OpenAI Faces Regulatory Heat in Italy Over ChatGPT’s Privacy Breaches

OpenAI is facing scrutiny from Italy's data protection authority, Garante, which alleges that the AI chatbot application ChatGPT violates EU data protection rules.

Garante, known for its proactive stance on AI platform compliance, had previously banned ChatGPT over alleged privacy breaches, but the service was reinstated after OpenAI addressed certain issues. The authority has informed OpenAI that its preliminary findings indicate potential data privacy violations without providing specific details.

Not too long ago, ChatGPT was banned from court, with requirements mandating attorneys appearing in his court to submit a certificate affirming that AI language models like ChatGPT generated no part of their filing.

According to the Italian watchdog, OpenAI has 30 days to present its defense against the allegations. Garante's investigation, initiated last year, has raised concerns about ChatGPT's compliance with the EU's General Data Protection Regulation (GDPR). The issues include a lack of a suitable legal basis for collecting and processing personal data for training ChatGPT's algorithms, as well as the AI tool's tendency to produce inaccurate information about individuals (referred to as 'hallucination') and concerns about child safety.

OpenAI, backed by Microsoft, asserts that its practices align with EU privacy laws and actively works to minimize personal data in training its systems. The company plans to collaborate with Garante during the investigation.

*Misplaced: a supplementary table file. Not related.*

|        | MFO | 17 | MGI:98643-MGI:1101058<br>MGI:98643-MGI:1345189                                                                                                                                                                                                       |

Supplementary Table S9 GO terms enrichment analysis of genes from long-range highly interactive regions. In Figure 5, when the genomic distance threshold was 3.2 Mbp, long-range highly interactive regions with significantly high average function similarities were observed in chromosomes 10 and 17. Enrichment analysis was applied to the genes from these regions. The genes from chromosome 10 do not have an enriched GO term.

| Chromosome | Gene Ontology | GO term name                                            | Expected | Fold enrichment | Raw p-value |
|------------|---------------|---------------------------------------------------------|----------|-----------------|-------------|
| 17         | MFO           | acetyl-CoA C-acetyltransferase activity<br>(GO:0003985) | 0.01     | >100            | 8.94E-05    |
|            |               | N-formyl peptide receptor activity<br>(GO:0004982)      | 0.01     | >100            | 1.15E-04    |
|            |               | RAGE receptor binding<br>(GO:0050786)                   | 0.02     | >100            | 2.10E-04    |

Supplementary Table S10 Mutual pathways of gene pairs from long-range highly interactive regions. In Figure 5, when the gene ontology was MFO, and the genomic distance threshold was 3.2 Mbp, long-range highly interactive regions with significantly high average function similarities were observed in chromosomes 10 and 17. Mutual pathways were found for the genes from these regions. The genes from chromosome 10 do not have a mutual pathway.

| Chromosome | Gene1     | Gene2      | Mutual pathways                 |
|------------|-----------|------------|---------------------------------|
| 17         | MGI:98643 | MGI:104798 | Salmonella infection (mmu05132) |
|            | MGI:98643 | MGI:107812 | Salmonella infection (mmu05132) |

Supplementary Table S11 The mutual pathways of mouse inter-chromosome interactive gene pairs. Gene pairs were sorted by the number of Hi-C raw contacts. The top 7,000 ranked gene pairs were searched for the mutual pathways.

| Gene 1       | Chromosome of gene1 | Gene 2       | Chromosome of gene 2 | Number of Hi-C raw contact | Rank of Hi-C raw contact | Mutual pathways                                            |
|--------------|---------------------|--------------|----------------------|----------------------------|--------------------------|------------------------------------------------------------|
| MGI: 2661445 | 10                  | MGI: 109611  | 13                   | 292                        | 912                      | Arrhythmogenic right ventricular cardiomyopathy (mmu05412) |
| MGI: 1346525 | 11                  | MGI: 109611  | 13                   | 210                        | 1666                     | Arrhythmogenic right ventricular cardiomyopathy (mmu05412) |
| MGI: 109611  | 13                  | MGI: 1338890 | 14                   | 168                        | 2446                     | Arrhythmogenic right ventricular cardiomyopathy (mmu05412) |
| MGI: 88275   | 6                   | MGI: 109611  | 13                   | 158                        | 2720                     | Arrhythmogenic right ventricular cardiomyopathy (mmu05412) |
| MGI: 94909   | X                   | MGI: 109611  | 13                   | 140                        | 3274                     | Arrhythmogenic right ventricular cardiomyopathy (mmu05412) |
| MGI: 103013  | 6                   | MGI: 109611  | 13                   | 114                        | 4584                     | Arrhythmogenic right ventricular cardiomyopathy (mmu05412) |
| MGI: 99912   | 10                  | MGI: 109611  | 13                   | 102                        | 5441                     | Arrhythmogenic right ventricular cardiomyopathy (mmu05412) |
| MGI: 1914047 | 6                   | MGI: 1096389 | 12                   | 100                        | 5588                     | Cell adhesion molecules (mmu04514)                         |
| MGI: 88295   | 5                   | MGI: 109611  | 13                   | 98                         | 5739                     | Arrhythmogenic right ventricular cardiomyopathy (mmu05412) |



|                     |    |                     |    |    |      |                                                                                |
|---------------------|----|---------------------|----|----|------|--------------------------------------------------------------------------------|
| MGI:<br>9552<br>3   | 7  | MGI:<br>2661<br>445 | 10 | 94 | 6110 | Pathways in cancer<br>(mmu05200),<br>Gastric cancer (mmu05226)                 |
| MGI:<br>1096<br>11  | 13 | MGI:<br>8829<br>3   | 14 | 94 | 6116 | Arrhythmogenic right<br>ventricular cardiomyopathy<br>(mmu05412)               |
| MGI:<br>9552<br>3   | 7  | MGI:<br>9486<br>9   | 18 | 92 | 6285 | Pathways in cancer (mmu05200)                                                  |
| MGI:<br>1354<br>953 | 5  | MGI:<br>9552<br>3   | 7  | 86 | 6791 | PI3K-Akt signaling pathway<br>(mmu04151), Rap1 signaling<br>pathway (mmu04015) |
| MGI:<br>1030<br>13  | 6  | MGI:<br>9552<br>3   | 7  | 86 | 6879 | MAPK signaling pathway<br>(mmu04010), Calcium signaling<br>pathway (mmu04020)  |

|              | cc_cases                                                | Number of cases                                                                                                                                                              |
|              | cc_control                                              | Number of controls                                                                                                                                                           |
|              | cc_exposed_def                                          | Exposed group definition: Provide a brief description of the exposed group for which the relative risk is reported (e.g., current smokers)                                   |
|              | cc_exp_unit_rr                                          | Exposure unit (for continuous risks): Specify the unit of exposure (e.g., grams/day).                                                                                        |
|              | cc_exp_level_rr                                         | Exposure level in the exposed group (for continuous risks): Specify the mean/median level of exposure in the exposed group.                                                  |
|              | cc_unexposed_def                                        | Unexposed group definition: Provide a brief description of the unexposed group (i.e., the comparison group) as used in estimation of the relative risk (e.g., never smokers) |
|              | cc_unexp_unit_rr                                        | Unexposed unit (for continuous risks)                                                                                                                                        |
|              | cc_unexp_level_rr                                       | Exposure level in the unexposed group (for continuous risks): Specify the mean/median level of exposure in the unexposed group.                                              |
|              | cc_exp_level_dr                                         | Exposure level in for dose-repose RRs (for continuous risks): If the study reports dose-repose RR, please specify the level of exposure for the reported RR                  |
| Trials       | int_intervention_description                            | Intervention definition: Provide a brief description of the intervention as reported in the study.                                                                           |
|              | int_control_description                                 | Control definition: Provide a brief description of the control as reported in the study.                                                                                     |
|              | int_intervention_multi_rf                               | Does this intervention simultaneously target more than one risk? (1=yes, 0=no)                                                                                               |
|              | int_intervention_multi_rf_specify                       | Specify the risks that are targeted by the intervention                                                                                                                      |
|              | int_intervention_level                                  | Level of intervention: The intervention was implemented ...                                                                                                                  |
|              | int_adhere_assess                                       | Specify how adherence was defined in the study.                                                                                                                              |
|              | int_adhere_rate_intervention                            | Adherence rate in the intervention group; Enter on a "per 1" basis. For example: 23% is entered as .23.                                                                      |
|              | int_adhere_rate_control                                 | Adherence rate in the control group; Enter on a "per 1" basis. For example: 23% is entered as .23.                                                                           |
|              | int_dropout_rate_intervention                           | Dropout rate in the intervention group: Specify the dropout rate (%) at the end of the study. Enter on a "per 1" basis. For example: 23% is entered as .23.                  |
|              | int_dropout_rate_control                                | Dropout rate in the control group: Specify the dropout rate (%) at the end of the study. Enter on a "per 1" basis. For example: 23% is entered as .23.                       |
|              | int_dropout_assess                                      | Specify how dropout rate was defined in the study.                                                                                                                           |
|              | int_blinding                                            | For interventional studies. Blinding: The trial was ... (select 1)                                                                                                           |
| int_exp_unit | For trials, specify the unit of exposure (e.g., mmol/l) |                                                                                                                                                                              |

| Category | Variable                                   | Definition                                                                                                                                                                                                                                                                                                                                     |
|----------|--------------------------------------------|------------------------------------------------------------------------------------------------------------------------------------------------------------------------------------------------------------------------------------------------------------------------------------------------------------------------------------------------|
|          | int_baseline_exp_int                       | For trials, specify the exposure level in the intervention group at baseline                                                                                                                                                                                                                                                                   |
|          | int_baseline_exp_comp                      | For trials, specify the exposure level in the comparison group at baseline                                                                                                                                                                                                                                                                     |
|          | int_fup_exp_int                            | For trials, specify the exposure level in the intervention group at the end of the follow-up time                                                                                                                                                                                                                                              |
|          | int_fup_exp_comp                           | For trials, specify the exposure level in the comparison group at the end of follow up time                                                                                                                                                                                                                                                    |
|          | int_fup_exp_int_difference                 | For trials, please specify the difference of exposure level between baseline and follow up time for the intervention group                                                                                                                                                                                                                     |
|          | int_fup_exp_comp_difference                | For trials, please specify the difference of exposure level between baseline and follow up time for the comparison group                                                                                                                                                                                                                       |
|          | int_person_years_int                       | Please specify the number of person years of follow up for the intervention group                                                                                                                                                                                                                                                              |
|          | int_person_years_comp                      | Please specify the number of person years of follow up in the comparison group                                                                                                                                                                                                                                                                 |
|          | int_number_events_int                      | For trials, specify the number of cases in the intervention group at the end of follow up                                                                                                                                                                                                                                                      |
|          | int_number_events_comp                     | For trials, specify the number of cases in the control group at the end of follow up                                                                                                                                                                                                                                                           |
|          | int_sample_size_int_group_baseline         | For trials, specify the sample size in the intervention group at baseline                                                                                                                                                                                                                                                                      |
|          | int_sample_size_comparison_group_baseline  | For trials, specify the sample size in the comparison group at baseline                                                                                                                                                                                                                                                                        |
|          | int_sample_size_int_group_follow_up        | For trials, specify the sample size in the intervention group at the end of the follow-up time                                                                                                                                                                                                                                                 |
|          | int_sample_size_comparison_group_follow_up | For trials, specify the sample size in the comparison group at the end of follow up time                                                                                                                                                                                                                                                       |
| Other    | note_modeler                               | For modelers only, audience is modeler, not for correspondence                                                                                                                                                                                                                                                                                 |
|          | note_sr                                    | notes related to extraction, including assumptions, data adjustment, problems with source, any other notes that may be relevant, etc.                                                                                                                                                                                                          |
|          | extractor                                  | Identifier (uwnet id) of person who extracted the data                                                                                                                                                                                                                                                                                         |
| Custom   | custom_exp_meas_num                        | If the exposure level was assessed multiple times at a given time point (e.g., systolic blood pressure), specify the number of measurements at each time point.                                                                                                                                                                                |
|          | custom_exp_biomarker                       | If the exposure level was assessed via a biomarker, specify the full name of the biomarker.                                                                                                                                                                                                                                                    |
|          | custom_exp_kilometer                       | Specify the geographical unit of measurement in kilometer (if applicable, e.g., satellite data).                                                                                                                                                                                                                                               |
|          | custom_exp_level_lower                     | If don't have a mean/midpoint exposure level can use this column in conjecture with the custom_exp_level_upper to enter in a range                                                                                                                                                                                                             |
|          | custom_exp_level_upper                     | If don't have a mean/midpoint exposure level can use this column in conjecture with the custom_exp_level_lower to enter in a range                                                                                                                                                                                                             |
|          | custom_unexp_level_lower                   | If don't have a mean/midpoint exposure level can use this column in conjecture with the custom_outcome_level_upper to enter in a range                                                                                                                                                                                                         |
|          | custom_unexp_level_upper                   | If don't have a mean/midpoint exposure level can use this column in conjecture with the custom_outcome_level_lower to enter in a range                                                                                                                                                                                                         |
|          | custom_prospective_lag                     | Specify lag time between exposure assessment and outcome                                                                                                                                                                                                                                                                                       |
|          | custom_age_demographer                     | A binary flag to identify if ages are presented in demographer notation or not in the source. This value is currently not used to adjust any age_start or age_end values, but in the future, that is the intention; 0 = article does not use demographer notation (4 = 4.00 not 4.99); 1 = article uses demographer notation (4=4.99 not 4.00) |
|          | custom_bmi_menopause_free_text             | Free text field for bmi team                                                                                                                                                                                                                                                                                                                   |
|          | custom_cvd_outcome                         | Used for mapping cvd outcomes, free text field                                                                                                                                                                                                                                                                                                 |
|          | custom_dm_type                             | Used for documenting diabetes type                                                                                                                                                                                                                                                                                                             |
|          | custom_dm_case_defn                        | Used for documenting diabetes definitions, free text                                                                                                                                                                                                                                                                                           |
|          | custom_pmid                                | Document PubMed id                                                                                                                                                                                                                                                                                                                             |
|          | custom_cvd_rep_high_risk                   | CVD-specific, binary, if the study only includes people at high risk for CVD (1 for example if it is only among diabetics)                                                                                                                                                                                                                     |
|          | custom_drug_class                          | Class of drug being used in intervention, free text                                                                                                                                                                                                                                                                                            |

The GDPR, introduced in 2018, imposes fines of up to 4% of a company's global turnover for violations. Garante's draft findings have not been disclosed, but confirmed breaches could result in fines of up to €20 million.

Can OpenAI justify its data within the EU? 

The legal basis for processing personal data for training AI models is a crucial issue. OpenAI, having developed ChatGPT using publicly scraped data containing personal information, faces challenges in justifying its data processing within the EU. The GDPR offers six possible legal bases, with OpenAI previously relying on either consent or legitimate interests. However, seeking consent from millions of web users seems impractical, and the validity of legitimate interests is in question.

Garante's notification of violation awaits OpenAI's response, and the investigation involves collaboration with a European task force of national privacy watchdogs. OpenAI has sought to establish a physical base in Ireland to benefit from the one-stop-shop mechanism for GDPR compliance potentially, but the ongoing investigations in Italy and Poland persist.

While a task force within the European Data Protection Board aims to harmonize outcomes across ChatGPT investigations, individual authorities remain independent, and conclusions may vary. The outcome of this latest chapter in OpenAI's regulatory challenges will unfold as the company navigates the complex landscape of AI and data protection regulations.